Pilates: Improving the Deskbound Posture

Posted on March 1, 2011


By Emma Cunningham

“Pilates, that’s like yoga, right?”

I hear this question almost every day of my career. The answer? Well, sure it’s like yoga, in the way that a tree and an ocean are both part of nature. In actuality, they don’t really have too much in common.

Pilates is a series of controlled exercises performed on both a mat and a series of machines. We have the Reformer, which is a sliding platform hooked up to springs, pulleys, and straps; the Cadillac, which doesn’t resemble a car but does resemble a medieval torture device; the Chair (or sometimes multiple chairs), which has an attached pedal that goes up and down in a smooth arc motion; and a series of barrels of different heights.

If you want muscles that are sleek and toned, with a flat belly, and you’re happy to get your cardio elsewhere, you’ve found the perfect exercise. If you’re looking to re-balance a joint after injury, or improve your gait, or your functionality, well hey, we’ve got that too. And if you’re looking for a kick-butt workout that will make you sweat? Don’t rule us out before you give us a try. Yes, Pilates does help with flexibility, but it helps as a result of building healthy muscles. It’s not a stretching routine. And if you’re looking for a little Zen with your exercise, go back to yoga. Pilates makes your brain work because you have to keep track of multiple limbs doing multiple things.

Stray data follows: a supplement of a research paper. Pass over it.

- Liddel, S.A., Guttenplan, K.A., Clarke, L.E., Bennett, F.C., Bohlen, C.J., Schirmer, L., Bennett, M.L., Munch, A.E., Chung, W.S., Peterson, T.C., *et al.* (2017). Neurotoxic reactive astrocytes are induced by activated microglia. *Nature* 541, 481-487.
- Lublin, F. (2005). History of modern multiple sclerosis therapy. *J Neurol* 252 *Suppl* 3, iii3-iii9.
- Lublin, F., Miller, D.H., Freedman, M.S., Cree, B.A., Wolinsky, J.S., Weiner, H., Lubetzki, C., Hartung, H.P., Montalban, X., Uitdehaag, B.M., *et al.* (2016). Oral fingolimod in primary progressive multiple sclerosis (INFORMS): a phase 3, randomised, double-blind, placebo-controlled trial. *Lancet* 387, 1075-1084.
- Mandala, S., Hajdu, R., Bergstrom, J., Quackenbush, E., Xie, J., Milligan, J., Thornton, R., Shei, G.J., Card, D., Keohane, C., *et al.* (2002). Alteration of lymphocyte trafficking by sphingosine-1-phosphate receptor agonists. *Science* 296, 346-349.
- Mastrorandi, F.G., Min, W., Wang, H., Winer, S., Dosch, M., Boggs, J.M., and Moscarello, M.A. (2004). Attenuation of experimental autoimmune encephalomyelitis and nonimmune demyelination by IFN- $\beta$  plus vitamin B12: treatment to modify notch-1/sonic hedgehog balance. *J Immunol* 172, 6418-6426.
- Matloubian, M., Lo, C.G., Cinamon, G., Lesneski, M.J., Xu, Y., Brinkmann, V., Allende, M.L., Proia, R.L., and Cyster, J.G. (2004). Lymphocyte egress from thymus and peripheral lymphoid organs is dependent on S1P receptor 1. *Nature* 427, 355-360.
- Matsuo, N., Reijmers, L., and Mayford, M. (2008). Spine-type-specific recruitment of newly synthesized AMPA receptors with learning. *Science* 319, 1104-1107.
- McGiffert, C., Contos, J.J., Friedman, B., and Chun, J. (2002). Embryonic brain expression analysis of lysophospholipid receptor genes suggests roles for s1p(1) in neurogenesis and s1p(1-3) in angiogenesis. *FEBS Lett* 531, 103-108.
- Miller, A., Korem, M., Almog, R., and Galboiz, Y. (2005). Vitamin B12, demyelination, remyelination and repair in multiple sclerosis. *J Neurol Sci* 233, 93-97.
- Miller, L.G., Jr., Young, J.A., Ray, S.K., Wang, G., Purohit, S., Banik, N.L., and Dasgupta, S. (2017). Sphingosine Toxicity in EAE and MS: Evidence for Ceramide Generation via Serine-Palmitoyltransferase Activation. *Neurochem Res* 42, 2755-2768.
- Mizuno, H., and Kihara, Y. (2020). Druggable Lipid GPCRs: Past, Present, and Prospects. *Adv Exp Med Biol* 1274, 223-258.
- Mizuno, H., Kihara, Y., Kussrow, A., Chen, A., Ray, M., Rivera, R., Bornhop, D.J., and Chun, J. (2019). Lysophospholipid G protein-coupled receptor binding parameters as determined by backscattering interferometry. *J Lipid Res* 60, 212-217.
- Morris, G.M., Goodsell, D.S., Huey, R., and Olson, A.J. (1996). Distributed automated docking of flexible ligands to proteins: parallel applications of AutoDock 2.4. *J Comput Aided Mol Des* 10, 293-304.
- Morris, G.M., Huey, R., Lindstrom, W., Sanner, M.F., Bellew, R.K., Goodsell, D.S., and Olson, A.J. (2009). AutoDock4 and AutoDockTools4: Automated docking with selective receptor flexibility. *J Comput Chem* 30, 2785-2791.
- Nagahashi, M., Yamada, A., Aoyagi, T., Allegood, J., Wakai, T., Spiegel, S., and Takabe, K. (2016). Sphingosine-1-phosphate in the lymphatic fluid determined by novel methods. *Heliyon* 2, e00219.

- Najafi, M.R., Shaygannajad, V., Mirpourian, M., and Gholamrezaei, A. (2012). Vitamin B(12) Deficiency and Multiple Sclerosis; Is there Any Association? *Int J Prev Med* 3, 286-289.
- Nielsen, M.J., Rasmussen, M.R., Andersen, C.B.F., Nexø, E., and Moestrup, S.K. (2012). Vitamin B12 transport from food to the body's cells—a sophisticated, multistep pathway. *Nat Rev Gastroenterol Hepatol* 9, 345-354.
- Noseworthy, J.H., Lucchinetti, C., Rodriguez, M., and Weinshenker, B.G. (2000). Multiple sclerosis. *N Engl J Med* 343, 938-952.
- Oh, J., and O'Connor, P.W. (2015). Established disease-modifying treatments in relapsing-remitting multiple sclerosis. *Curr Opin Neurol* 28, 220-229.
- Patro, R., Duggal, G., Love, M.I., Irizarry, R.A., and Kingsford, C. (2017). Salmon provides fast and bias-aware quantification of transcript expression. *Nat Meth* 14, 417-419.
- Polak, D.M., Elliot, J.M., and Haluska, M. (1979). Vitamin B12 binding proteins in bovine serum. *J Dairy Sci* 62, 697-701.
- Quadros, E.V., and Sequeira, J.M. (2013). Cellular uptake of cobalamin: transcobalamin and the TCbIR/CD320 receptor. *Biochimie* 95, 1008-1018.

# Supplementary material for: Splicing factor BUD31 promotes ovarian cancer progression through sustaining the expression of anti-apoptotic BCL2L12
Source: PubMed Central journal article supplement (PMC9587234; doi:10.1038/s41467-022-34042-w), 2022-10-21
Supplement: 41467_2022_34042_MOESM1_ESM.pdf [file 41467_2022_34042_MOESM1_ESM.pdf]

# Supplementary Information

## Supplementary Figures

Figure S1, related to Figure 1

The best part about Pilates? Improved posture. If you’re working nine to five at a desk and are slouched forward examining your computer all day, it’s time to get into a class and start strengthening those neglected postural alignment muscles.

How did Pilates come about? It’s the brainchild of Joseph Pilates. After escaping the German army, he moved to New York where he and his wife Clara set up a studio for his “Contrology” exercise regime. Although Joe, as he is fondly remembered, passed away, five of his students, known as the Pilates Elders, still teach today, including his protégé, Romana Kryzanowska. Each Elder teaches a slightly different method, and their students have branched out even further, separating the “Classical” Pilates teachers from the “Contemporary” Pilates teachers (like Moira Merrithew of STOTT PILATES and Ken Endelman of Balanced Body). When looking for a studio to start taking Pilates, it gets a bit tricky. The key is to make sure your teacher has gone through several hundred hours of training, including an apprenticeship, has a good knowledge of anatomy and has studied injuries and special populations.

I teach Pilates at The Performance Health Centre in Toronto. And I love it. My clients benefit from the well-rounded approach to healthcare and fitness. And what do my clients have to say about it? “Together, Pilates and Emma Cunningham changed my life,” says Lisa Lewis. “I am stronger than I have been in years and have been told that I look better than I did 10 years ago.”

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